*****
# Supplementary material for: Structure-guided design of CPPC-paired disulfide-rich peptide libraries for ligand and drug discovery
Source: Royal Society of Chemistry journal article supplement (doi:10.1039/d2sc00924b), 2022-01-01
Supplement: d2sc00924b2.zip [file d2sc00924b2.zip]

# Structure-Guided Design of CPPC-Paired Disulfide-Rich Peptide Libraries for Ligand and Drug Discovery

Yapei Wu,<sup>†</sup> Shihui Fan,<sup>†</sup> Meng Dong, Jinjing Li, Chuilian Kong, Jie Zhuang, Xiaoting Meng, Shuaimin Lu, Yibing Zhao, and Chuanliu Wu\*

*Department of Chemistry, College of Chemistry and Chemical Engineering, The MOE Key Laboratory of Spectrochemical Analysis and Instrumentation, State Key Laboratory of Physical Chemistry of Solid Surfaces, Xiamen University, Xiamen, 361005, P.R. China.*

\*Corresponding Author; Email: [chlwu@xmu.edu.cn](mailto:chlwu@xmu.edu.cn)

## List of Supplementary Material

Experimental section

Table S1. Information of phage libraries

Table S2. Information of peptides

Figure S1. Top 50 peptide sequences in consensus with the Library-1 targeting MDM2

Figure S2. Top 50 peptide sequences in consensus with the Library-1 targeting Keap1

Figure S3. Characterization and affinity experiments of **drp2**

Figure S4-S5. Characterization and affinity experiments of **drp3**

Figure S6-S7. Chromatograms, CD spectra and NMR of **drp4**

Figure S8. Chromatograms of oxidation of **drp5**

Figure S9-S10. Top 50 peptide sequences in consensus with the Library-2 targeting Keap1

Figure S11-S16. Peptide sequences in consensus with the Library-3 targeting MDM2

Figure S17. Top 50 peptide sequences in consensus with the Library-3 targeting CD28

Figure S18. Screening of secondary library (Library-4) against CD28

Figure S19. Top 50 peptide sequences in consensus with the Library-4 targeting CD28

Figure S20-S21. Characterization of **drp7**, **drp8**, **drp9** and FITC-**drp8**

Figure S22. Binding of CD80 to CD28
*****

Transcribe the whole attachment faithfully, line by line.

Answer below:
# Supplementary material for: Structure-guided design of CPPC-paired disulfide-rich peptide libraries for ligand and drug discovery
Source: Royal Society of Chemistry journal article supplement (doi:10.1039/d2sc00924b), 2022-01-01
Supplement: d2sc00924b2.zip [file d2sc00924b2.zip]

# Structure-Guided Design of CPPC-Paired Disulfide-Rich Peptide Libraries for Ligand and Drug Discovery

Yapei Wu,<sup>†</sup> Shihui Fan,<sup>†</sup> Meng Dong, Jinjing Li, Chuilian Kong, Jie Zhuang, Xiaoting Meng, Shuaimin Lu, Yibing Zhao, and Chuanliu Wu\*

*Department of Chemistry, College of Chemistry and Chemical Engineering, The MOE Key Laboratory of Spectrochemical Analysis and Instrumentation, State Key Laboratory of Physical Chemistry of Solid Surfaces, Xiamen University, Xiamen, 361005, P.R. China.*

\*Corresponding Author; Email: [chlwu@xmu.edu.cn](mailto:chlwu@xmu.edu.cn)

## List of Supplementary Material

Experimental section

Table S1. Information of phage libraries

Table S2. Information of peptides

Figure S1. Top 50 peptide sequences in consensus with the Library-1 targeting MDM2

Figure S2. Top 50 peptide sequences in consensus with the Library-1 targeting Keap1

Figure S3. Characterization and affinity experiments of **drp2**

Figure S4-S5. Characterization and affinity experiments of **drp3**

Figure S6-S7. Chromatograms, CD spectra and NMR of **drp4**

Figure S8. Chromatograms of oxidation of **drp5**

Figure S9-S10. Top 50 peptide sequences in consensus with the Library-2 targeting Keap1

Figure S11-S16. Peptide sequences in consensus with the Library-3 targeting MDM2

Figure S17. Top 50 peptide sequences in consensus with the Library-3 targeting CD28

Figure S18. Screening of secondary library (Library-4) against CD28

Figure S19. Top 50 peptide sequences in consensus with the Library-4 targeting CD28

Figure S20-S21. Characterization of **drp7**, **drp8**, **drp9** and FITC-**drp8**

Figure S22. Binding of CD80 to CD28